A classic science fiction piece, Wells' tale of a martian invasion of Earth is without a doubt the best known of the author's several outstanding books. Gigantic cylinders housing the martian colonists smash into Victorian England, bringing widespread destruction and death with them. The first part of the book switches between two characters: the narrator himself, who is accompanied by an artilleryman and then a curate, and the narrator's brother, who witnesses the general panic and mayhem as London is attacked by the Martians. At this point, Wells must be congratulated on his ability to realistically recreate the behavior of a mass of panic-stricken people, and the exodus of London is one of the most realistic scenes in the book. While the scene has all of the usual screaming crowds, Wells also portrays the pandemonium and the violence that humans are capable of when they are afraid: "Before [my brother] could get to [the horse], he heard a scream under the wheels, and saw through the dust the rim passing over the poor wretch's back. The driver of the cart slashed his whip at my brother, who ran behind the cart." As the brother escapes to foreign lands, the narrator, in the second part of the book, discovers the cosmic scale of the martians' adeptness at engineering and technology, before the invaders eventually succumb to bacteria not found on Mars. Wells' imagination is what really gives this book life, as it seems unbelievable that all of this could have been thought of by a man living in the 1700s. However, upon finishing the book, a consistent reader of Wells can't help but feel unsatisfied. Compared to other books Wells has written, this one really shouldn't stand out, as while the ideas it presents are strange and fascinating, its characters can't hold a candle to the enchantingly surreal entities he conjures up in stories such as "The Time Machine" and "The Invisible Man". If anything, the story resembles an apocalyptic parody of the Little Prince in that its characters all seem to serve some higher, moralistic function that doesn't contribute to the plot. It's a shame, since while the idea was certainly momentous even by Wells' standards, the writing, for the most part, just doesn't cut it.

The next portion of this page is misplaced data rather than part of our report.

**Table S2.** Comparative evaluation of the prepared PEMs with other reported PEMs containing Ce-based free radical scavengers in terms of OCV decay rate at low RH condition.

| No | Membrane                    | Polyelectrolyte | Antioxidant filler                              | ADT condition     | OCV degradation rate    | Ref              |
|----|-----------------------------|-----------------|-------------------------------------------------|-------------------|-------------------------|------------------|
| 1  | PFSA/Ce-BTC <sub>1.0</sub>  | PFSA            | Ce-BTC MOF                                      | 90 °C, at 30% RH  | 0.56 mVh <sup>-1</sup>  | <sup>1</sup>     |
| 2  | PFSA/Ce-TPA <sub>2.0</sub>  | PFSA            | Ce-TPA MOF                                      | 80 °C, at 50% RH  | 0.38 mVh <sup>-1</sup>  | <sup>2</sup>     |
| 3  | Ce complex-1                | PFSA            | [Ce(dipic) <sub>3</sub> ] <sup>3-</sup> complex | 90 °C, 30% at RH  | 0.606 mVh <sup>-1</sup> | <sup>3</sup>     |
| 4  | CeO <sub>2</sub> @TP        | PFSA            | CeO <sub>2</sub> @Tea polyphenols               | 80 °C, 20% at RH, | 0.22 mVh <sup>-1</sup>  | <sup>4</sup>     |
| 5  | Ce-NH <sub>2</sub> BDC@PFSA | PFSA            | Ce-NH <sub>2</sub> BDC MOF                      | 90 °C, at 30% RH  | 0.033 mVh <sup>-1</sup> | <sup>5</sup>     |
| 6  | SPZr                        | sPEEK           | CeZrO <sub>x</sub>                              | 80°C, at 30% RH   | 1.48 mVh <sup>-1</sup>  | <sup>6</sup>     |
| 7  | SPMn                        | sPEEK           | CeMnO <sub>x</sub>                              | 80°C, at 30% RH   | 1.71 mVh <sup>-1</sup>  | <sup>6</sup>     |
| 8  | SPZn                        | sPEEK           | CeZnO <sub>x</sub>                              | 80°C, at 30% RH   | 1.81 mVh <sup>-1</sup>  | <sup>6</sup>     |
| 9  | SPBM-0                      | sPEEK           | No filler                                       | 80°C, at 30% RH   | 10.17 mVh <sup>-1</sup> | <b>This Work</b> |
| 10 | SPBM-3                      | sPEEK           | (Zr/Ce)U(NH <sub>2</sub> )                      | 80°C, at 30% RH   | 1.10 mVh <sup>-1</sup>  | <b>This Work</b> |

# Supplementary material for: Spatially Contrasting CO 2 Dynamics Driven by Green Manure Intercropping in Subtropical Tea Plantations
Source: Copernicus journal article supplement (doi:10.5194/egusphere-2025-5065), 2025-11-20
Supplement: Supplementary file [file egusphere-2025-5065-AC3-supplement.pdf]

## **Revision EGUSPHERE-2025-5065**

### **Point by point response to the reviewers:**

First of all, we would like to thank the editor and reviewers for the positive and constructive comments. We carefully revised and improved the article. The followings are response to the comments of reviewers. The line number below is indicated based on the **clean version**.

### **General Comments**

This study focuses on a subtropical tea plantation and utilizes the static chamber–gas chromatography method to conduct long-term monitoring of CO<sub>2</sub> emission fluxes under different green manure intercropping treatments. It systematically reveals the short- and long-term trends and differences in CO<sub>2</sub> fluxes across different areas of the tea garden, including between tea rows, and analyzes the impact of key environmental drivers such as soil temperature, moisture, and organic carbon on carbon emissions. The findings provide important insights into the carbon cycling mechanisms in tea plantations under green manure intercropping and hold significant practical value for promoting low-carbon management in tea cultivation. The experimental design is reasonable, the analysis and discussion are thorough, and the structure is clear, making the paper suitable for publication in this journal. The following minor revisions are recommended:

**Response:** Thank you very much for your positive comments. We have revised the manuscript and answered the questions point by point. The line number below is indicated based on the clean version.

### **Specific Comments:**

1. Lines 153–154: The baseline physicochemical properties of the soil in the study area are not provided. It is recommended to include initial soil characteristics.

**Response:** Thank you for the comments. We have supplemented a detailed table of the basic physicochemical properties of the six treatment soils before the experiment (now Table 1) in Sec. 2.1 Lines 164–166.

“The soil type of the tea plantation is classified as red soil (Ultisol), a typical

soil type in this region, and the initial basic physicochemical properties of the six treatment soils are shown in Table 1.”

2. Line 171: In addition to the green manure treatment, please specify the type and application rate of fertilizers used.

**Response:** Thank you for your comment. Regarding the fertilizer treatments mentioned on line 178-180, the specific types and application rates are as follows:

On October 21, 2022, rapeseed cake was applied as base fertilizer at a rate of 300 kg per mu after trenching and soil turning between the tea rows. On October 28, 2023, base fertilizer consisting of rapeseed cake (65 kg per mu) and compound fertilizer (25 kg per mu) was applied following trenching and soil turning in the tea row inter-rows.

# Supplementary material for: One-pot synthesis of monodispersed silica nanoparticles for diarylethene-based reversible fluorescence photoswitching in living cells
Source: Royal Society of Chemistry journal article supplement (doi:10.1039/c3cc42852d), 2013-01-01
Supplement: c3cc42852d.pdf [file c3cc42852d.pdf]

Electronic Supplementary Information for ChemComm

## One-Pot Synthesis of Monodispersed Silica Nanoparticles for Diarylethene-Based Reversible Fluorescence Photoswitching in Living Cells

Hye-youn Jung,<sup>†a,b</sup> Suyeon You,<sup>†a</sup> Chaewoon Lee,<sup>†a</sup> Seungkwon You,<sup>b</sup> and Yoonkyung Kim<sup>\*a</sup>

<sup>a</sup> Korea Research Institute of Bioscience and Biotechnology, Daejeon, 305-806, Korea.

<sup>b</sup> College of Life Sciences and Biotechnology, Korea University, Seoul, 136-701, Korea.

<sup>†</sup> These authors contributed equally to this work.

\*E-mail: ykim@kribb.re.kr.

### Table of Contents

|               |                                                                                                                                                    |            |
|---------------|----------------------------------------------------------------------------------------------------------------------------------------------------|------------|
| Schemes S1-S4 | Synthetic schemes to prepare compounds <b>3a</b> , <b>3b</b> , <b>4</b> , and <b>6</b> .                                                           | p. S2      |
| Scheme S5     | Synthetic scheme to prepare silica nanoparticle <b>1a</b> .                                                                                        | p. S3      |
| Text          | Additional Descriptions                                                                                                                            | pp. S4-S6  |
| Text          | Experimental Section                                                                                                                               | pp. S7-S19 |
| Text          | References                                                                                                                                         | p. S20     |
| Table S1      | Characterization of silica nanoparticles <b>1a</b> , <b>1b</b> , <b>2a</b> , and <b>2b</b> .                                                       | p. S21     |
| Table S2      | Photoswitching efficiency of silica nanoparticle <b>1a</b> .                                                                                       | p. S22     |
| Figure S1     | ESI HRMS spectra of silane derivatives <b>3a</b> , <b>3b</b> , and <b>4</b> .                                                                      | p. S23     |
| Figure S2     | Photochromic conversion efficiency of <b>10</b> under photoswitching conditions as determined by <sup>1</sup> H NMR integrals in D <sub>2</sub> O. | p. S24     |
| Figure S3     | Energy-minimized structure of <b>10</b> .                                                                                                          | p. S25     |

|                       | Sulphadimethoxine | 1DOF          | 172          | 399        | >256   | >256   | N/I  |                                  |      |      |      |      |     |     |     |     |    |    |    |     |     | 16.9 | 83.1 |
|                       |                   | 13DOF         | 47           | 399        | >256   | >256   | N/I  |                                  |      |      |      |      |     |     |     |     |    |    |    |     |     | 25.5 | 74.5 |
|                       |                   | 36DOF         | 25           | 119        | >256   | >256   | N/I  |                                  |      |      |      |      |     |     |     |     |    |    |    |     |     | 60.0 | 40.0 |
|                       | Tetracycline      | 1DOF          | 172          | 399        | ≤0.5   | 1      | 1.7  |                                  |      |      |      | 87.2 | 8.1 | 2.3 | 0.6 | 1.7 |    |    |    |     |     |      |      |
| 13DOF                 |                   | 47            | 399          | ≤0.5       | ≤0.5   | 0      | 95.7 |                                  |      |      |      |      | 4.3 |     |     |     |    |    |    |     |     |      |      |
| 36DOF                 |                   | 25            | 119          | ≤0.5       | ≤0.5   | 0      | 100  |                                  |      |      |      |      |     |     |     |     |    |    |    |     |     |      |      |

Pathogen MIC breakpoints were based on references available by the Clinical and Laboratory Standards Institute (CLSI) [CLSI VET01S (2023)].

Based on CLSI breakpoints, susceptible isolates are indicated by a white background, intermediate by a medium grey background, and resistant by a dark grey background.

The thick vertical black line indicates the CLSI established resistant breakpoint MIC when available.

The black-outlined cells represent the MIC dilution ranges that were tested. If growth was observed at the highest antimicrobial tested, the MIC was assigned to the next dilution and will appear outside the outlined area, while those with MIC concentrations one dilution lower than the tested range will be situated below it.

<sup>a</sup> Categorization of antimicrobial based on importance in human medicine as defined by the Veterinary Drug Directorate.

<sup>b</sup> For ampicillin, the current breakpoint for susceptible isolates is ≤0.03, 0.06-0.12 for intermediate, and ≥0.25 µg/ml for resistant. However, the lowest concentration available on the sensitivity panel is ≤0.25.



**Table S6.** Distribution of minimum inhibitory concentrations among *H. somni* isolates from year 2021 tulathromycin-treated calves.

Jan 18, 2018

The War of the Worlds by H.G Wells is one of my favorite science fiction classics. Wells was a brilliant author who wrote two of my all-time favorite books (which I highly recommend): The Island of Doctor Moreau and The Invisible Man. However, The War of the Worlds was probably my least favorite of the 4 novels I have read by Wells, as the story was not very climactic and lacked the uniqueness of his other novels. Still, I had no trouble focusing on the plotline despite the overused aliens-coming-to-Earth concept. Something about Wells’ writing keeps me interested even when it’s not a fast-moving chapter, although most of his chapters are.